Love in the lab: Close collaborators

Kerri Smith in Nature:

THINKSTOCK-VECTOR-498647733When physicists Claudia Felser and Stuart Parkin were introduced at a conference on applied magnetics, they felt an immediate attraction. But then, standing outside the Amsterdam conference centre, they started talking shop. It did not go well. Parkin was interested in finding materials he could use to make miniature data-storage devices. Felser espoused the benefits of her pet topic: Heusler compounds, alloys with modifiable magnetic properties. “But he was not interested!” she laughs. Parkin thought that the compounds sounded as though they would be too difficult to interface with other materials. “So this was not a successful introduction,” Felser says. But the two kept in touch. And as Felser shared her growing knowledge about the semiconductor and quantum properties of Heusler compounds, Parkin grew more curious about the molecules — and about Felser. At the end of 2009, she decided to take a sabbatical from Johannes Gutenberg University in Mainz, Germany, to work at the headquarters of IBM in San Jose, California, where Parkin worked. “I invited her to stay with me,” Parkin says. They were a couple from then on. “So this was more or less how it started and we're still working together,” he says.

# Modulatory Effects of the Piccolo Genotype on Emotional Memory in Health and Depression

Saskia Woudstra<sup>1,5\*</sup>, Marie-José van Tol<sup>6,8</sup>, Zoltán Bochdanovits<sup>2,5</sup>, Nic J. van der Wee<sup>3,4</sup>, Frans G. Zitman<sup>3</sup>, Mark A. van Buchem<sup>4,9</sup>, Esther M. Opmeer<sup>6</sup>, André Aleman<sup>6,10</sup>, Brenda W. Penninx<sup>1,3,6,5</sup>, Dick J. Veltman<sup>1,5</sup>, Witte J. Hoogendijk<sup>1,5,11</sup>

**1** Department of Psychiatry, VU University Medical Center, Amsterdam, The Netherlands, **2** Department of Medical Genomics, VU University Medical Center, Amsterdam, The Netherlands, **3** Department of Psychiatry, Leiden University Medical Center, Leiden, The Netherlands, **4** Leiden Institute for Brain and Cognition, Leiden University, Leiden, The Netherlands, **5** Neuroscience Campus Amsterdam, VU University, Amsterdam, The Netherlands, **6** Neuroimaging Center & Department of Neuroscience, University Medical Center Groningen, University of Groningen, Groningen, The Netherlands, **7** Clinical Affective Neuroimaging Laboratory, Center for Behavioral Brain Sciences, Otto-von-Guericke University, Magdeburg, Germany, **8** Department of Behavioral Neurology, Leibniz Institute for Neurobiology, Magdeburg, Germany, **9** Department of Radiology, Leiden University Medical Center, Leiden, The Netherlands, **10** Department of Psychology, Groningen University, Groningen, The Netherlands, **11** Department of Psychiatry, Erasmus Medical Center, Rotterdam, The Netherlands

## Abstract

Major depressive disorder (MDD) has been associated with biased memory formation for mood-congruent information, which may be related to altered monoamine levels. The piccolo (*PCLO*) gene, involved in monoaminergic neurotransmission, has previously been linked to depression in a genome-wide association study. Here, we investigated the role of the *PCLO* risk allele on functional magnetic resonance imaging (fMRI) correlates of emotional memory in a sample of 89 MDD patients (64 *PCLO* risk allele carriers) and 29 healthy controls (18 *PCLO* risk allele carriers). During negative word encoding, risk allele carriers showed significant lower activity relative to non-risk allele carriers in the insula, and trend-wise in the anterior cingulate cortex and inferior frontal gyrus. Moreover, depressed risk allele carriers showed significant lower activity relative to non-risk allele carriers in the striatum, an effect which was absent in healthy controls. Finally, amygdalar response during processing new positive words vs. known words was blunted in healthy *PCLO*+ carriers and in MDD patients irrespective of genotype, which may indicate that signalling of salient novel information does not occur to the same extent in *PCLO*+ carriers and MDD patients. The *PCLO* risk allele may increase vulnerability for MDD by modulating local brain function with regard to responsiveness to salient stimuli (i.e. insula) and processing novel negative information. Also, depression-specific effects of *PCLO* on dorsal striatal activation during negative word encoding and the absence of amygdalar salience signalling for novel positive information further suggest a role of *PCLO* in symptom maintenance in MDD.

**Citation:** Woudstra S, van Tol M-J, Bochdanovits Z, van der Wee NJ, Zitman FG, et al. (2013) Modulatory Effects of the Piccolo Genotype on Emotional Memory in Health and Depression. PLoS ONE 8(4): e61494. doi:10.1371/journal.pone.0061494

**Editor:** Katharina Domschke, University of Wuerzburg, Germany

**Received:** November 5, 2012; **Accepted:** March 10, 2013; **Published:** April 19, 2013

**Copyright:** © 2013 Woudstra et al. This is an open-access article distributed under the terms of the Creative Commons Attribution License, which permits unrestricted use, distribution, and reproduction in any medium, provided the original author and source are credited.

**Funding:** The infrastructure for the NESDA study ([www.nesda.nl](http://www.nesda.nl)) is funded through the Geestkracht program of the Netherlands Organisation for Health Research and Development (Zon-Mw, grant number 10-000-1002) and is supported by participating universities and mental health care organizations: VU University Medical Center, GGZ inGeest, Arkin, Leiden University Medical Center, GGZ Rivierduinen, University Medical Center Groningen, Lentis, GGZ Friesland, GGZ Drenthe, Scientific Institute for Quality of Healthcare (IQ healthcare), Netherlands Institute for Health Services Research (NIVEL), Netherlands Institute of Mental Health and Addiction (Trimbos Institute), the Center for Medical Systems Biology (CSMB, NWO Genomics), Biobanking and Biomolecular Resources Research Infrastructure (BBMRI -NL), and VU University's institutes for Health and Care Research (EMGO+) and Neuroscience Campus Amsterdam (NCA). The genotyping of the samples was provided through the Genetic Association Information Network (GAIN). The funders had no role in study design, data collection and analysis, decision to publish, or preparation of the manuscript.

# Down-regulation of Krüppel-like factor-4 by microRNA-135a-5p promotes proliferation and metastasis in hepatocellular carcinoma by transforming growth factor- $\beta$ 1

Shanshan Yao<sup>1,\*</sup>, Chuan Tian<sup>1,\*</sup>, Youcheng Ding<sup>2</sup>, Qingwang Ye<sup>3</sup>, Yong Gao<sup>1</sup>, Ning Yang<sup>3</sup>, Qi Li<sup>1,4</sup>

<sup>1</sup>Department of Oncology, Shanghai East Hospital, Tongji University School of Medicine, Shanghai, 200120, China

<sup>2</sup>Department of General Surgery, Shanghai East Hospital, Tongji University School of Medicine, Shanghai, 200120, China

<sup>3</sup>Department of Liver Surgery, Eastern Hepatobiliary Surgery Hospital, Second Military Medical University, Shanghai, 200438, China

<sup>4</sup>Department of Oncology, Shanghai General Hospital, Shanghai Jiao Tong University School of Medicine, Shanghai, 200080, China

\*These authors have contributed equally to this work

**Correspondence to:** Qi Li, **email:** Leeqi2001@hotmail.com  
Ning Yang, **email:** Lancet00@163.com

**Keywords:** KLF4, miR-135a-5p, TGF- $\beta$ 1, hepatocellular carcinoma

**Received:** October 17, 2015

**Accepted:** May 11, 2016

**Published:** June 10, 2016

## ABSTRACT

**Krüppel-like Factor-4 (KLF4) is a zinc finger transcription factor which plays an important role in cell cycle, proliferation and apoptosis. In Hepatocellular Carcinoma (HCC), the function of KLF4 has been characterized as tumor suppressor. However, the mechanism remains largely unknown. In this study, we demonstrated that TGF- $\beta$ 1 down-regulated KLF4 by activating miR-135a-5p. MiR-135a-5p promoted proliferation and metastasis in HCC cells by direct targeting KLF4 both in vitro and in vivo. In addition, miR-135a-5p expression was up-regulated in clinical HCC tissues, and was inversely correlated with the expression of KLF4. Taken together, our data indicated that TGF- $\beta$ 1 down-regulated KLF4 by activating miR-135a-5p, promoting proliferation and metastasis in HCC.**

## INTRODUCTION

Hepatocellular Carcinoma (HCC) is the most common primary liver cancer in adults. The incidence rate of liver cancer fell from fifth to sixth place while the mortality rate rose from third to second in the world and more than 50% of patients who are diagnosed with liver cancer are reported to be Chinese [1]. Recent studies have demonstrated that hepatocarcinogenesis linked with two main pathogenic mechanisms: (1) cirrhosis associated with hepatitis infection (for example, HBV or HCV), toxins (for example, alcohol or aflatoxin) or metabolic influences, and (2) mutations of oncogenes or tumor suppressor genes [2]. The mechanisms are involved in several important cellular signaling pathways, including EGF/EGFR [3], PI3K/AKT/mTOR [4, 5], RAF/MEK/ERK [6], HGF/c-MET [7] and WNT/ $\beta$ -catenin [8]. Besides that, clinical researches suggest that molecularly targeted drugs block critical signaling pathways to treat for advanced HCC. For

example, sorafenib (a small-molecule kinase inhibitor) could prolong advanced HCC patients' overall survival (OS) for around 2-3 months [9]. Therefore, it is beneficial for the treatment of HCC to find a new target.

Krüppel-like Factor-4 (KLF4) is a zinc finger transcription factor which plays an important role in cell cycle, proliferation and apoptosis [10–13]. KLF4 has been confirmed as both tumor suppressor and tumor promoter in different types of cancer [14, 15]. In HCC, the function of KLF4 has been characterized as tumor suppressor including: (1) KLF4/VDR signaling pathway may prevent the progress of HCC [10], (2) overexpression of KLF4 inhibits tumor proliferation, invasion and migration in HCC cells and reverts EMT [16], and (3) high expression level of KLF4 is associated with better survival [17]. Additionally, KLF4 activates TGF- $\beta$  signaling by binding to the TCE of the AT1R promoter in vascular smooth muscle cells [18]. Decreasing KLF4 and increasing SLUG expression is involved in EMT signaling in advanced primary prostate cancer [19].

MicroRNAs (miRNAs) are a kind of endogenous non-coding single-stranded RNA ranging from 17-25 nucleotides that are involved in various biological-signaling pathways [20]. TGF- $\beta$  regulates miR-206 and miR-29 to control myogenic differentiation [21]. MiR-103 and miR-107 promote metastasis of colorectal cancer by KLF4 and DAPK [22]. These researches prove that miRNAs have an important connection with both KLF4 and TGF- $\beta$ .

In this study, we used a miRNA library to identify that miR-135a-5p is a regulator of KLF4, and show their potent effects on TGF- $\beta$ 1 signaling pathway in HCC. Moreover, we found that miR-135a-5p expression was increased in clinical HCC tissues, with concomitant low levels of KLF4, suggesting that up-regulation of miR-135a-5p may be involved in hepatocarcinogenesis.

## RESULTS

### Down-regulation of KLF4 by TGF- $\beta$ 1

Felser and Parkin are one of thousands of couples who met through science. According to a 2010 survey by the US National Science Foundation, just over one-quarter of married people with doctorates had a spouse working in science or engineering1. Such partnerships are on the rise: in 1993, the proportion was one-fifth. More and more institutions are hiring couples. A 2008 survey2 of around 9,000 US researchers found that the proportion of hires that went to couples rose from 3% in the 1970s to 13% in the 2000s. And data from the online dating service PlentyOfFish reveal that users with a graduate degree are three times more likely than the average user to form a couple with someone with a similar level of education. Collaboration is key to the scientific process, but when collaborators are romantic partners, that relationship offers some unique advantages — a deep understanding of each other's personality and motivations — as well as the risk that work will dominate conversation at the dinner table.

More here.